I was wondering if we were going to be reading until class ended at 8:30 tonight. I read a lot as it is, and while I do believe reading improves your writing, I can read anywhere. Is there going to be an instructional part of this class? I’d like to discuss, for example, How much does one need to adhere to biographical fact?

But Carol is saying, “Let’s have Hugh read.” And I am handed, in place of the book in my hand, the class copy of Carole Mallory’s “Loving

Mailer” that N had been reading.

This is my decision point. My moment. My Rubicon. I either leave now and run over to Room 118 and join the Spanish II class I originally wanted to take, or I submit to whatever this class is going to be, whether heaven, hell, or somewhere in between. I decide that this classroom and my classmates are a remake of “Lifeboat.” Five strangers cast together by fate. No escape. We may all founder and sink, but I’m going to get to know them all as well as I can and, within reason, let them get to know me. I’m going to take the class seriously. I’m going to cooperate. I’ll help when I can. I’ll seek help when I need it. I’ll “share.” We’re all in the same boat.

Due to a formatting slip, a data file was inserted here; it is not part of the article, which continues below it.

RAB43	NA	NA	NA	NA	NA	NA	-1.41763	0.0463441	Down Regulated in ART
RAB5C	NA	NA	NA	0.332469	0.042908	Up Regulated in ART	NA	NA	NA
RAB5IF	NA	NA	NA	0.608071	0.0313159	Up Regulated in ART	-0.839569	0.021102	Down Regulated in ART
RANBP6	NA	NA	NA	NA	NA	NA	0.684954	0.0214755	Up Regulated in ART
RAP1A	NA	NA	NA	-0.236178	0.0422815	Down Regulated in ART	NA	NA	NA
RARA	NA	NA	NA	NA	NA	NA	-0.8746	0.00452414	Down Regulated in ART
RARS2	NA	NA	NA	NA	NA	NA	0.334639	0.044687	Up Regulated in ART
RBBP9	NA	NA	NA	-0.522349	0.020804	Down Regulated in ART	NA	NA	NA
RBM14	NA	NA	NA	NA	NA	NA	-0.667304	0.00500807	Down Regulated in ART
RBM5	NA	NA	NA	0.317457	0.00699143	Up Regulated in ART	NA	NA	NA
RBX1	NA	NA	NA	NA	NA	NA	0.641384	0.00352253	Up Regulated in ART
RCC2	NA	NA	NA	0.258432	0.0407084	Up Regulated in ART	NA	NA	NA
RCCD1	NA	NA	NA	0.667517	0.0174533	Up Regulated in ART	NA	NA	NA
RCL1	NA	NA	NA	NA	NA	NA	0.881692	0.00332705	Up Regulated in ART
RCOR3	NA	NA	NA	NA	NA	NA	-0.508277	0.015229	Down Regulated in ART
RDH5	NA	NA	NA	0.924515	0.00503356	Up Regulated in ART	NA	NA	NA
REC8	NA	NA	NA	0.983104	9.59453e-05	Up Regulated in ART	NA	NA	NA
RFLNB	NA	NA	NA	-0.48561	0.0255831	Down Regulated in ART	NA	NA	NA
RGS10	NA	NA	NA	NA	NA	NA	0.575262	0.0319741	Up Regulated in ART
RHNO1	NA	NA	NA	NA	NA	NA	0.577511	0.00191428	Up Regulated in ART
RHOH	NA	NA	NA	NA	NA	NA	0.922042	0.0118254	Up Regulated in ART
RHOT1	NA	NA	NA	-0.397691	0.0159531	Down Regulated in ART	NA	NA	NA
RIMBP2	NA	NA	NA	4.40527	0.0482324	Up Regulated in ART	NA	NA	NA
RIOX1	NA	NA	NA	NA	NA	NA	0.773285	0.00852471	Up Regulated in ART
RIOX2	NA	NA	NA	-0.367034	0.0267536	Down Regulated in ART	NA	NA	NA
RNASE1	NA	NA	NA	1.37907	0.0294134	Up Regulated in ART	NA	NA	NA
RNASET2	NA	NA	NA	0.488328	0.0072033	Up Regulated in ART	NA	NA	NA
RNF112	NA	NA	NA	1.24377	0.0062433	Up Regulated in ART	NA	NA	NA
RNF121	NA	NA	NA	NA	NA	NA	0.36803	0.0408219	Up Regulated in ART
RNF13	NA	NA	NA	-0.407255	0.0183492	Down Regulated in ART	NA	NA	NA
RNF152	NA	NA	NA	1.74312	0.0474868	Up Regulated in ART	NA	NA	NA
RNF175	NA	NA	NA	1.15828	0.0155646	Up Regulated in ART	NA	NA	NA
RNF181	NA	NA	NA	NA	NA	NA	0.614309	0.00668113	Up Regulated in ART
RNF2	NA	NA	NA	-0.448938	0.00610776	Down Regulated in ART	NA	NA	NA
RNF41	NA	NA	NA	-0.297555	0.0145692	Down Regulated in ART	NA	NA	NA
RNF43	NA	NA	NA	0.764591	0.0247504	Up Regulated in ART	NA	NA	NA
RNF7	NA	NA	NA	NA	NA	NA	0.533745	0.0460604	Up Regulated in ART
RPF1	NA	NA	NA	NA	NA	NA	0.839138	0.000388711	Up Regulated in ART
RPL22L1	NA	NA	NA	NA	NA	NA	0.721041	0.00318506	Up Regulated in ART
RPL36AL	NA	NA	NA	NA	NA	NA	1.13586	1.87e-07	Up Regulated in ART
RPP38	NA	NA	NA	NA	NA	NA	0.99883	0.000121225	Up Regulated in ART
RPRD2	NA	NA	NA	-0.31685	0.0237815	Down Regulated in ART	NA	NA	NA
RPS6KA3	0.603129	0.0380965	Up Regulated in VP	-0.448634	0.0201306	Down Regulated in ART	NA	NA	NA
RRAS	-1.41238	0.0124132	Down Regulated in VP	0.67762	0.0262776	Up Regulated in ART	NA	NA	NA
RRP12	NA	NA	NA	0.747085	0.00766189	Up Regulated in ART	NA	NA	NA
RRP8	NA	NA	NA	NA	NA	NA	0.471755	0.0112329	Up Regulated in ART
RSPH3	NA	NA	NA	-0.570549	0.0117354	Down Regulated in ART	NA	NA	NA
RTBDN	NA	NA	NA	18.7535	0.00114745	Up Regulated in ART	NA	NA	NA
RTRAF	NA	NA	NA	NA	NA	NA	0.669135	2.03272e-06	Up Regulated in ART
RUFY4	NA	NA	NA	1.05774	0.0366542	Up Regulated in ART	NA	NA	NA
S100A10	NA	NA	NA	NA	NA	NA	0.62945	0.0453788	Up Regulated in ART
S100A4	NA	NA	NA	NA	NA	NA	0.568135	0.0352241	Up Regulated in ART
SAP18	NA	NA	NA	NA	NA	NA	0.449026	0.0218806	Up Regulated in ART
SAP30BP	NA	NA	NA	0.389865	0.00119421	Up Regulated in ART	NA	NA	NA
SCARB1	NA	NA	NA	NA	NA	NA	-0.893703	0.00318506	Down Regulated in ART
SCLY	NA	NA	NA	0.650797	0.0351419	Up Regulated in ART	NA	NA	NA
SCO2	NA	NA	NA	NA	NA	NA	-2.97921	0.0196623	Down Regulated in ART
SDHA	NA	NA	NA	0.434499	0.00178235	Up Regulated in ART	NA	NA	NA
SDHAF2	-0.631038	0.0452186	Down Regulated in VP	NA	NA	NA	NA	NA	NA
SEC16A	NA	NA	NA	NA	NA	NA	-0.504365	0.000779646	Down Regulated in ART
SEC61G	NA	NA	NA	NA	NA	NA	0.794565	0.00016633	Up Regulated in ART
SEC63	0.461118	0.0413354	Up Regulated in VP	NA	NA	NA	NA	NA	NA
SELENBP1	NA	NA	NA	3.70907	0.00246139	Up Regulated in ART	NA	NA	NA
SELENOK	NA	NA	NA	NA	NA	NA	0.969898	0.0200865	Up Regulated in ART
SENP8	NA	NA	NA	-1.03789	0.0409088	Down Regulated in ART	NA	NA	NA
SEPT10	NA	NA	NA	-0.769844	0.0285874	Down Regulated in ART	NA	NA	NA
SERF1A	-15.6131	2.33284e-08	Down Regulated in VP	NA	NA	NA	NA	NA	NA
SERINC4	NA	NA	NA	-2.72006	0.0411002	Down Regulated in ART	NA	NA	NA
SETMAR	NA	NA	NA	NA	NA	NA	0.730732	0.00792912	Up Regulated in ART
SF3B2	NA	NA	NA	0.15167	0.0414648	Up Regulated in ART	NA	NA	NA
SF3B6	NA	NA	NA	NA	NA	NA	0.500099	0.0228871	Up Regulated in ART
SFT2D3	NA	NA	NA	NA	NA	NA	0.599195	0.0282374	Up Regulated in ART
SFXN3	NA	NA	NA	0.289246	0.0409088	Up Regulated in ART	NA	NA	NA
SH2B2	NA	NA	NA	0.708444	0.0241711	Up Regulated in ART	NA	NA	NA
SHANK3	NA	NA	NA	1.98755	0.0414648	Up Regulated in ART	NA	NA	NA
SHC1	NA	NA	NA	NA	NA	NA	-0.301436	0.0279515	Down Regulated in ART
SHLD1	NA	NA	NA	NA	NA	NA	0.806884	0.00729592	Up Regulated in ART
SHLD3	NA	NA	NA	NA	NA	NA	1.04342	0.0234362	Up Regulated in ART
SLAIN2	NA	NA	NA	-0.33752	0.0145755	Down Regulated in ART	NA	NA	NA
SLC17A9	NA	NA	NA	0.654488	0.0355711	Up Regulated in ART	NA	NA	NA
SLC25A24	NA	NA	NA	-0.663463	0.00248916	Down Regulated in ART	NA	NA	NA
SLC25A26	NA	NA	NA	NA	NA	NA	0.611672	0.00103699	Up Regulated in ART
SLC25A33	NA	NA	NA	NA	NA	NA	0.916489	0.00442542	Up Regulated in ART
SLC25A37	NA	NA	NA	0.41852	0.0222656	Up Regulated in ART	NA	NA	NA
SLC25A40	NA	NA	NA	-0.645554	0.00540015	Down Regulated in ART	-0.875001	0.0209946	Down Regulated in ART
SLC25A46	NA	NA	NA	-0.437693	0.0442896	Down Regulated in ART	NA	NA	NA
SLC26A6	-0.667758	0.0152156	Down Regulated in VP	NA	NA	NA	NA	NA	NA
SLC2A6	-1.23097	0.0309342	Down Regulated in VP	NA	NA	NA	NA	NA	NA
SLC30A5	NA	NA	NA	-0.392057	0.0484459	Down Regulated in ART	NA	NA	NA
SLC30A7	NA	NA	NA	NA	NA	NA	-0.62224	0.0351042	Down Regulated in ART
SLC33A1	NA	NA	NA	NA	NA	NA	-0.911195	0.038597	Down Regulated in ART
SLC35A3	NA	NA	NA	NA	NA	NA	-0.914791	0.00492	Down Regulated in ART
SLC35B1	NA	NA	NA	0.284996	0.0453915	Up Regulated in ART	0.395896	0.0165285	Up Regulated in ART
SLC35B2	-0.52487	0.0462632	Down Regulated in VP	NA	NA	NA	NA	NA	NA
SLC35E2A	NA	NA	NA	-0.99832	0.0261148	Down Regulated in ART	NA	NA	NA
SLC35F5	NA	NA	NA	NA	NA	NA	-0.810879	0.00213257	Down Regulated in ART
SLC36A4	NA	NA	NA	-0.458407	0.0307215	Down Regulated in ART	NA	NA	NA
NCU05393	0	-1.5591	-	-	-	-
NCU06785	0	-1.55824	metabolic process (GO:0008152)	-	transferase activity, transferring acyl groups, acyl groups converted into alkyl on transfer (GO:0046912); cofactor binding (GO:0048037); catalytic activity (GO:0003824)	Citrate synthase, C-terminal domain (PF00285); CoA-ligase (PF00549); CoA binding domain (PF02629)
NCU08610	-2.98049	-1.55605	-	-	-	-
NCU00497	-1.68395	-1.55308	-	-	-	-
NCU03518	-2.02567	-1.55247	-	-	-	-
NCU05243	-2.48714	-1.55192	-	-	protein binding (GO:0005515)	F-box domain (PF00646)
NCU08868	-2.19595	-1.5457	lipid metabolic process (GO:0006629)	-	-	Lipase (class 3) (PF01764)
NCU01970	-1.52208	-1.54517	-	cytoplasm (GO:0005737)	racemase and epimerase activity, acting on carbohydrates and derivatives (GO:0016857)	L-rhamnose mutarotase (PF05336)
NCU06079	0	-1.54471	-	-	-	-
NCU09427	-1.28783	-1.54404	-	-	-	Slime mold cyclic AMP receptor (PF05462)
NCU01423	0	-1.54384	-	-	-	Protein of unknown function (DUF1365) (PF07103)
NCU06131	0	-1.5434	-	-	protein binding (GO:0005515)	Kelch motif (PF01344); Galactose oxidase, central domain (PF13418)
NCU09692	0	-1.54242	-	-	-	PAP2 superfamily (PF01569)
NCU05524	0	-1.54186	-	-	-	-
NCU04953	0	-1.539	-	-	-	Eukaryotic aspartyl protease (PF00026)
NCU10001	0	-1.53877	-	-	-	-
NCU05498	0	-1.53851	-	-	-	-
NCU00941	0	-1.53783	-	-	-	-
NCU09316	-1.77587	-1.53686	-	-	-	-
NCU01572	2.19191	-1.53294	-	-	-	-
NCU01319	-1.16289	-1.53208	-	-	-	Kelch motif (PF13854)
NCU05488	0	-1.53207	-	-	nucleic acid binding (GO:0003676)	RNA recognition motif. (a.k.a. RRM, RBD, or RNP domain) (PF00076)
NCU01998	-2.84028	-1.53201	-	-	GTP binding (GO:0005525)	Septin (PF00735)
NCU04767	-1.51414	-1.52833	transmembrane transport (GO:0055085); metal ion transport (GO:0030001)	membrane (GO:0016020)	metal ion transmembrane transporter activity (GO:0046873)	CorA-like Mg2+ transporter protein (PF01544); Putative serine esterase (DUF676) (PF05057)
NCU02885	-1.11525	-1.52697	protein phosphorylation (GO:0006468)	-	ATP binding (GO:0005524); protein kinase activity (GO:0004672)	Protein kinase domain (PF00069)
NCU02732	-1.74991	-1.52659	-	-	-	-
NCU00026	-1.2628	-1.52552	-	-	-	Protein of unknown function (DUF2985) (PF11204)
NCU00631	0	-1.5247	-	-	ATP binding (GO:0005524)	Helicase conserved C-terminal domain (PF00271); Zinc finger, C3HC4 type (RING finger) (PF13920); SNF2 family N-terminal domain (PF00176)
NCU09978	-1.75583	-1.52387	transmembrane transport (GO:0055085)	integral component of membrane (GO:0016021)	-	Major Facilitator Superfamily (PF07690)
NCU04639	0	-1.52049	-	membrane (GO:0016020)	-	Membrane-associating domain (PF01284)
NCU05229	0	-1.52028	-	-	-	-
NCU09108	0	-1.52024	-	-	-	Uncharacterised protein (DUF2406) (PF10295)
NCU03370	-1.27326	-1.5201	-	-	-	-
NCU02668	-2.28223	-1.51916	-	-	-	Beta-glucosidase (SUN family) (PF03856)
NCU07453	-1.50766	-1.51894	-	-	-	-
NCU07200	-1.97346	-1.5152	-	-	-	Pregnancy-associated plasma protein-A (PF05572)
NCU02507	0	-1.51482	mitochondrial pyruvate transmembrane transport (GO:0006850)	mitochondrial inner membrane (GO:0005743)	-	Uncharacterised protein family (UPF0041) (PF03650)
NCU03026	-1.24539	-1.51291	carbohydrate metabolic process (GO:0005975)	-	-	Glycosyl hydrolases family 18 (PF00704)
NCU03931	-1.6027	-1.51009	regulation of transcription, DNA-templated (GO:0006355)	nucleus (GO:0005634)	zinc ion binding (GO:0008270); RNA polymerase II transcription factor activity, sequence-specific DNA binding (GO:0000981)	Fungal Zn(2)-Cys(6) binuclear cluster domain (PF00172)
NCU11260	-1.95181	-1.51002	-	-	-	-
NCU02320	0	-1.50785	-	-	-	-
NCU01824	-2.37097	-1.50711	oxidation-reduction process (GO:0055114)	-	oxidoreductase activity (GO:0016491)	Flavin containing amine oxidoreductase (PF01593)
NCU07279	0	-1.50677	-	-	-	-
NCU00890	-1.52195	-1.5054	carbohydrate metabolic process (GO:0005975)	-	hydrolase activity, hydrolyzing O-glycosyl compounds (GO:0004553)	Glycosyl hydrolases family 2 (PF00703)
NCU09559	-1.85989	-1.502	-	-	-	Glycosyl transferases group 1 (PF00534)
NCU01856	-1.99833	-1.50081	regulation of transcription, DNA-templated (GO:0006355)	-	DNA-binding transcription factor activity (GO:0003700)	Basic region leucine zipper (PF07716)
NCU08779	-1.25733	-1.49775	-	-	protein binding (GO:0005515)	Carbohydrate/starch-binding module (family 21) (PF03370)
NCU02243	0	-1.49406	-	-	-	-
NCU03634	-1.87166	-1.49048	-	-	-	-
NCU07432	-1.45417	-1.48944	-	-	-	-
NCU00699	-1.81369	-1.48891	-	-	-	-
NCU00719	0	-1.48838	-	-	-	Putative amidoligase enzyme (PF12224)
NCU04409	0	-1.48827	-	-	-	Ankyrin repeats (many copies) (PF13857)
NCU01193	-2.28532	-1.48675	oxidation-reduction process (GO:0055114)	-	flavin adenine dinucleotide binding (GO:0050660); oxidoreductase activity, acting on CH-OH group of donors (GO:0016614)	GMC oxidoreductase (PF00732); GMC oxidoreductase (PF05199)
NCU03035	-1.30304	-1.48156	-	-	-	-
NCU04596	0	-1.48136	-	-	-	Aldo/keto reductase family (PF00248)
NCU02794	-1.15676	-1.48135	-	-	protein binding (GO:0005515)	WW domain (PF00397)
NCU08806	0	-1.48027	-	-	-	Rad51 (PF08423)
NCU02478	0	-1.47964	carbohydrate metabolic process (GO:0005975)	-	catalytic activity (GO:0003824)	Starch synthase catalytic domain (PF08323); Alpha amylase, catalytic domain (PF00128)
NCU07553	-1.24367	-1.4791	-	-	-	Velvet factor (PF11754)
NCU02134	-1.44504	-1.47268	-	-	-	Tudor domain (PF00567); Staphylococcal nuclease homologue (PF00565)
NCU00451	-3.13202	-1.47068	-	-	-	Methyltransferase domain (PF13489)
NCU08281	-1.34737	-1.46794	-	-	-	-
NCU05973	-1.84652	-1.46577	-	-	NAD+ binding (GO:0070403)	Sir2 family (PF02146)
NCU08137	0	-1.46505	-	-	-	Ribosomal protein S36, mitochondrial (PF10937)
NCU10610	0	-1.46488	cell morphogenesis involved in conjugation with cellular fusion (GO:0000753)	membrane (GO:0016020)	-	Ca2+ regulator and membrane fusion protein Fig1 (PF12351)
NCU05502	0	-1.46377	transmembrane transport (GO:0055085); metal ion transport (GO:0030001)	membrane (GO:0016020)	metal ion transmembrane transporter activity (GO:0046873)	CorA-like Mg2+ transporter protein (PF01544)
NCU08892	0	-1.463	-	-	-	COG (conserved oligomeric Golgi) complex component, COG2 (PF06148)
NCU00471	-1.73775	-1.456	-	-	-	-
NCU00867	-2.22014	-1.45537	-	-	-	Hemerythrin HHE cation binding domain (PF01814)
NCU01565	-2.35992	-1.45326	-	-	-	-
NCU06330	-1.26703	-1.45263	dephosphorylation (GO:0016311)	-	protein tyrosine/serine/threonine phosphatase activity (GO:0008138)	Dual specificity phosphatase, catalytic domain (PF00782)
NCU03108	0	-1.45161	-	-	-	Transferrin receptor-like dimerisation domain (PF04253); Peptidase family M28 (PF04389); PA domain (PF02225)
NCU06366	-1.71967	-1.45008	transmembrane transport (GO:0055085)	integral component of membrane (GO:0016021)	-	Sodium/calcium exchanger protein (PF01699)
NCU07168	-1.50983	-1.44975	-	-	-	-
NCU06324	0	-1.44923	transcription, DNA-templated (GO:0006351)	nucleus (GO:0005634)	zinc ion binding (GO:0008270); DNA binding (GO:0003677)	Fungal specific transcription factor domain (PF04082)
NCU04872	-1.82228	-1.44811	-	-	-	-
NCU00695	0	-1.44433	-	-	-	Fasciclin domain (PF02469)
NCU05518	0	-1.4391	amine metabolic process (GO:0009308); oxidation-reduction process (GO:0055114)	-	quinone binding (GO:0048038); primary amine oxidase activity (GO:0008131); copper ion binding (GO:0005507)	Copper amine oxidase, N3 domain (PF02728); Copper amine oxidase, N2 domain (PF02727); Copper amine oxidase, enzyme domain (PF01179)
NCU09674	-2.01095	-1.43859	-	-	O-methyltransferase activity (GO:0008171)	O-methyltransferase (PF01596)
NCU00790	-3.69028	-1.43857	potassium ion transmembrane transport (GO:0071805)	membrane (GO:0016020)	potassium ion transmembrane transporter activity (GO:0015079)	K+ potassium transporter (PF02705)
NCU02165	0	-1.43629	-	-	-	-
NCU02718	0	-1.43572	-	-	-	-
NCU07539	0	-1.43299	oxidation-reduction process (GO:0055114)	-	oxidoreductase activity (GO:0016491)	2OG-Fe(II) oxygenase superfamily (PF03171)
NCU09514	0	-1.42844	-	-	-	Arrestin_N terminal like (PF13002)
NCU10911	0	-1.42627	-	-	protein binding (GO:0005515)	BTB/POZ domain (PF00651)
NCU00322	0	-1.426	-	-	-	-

I accept the book. I start reading. I give it my best. I read clearly, with my best articulation. I feel some vulnerability in my voice. I act the dialogue, using different voices. I’ve heard Mailer speak, so I use a little of his gravelly, clipped edges. Ten minutes later, I finished.

Carole Mallory compliments me. That felt good. She’s been around professional actors for fifty years, so that feels very good.

Next, T reads from “Appointment in Samarra.”

Then Carole asks me to read again, another scene from her life with

Norman as described in “Loving Mailer.” I feel like a hired Nubian slave popping grapes in Cleopatra’s mouth as she listens to me croon boating songs. When I finish, Carol praises me again. Hmmm.  Carole then gave us our assignment for next week: Come in with about seven pages telling a secret from childhood. (No way! I think, despite my nod and compliant smile.)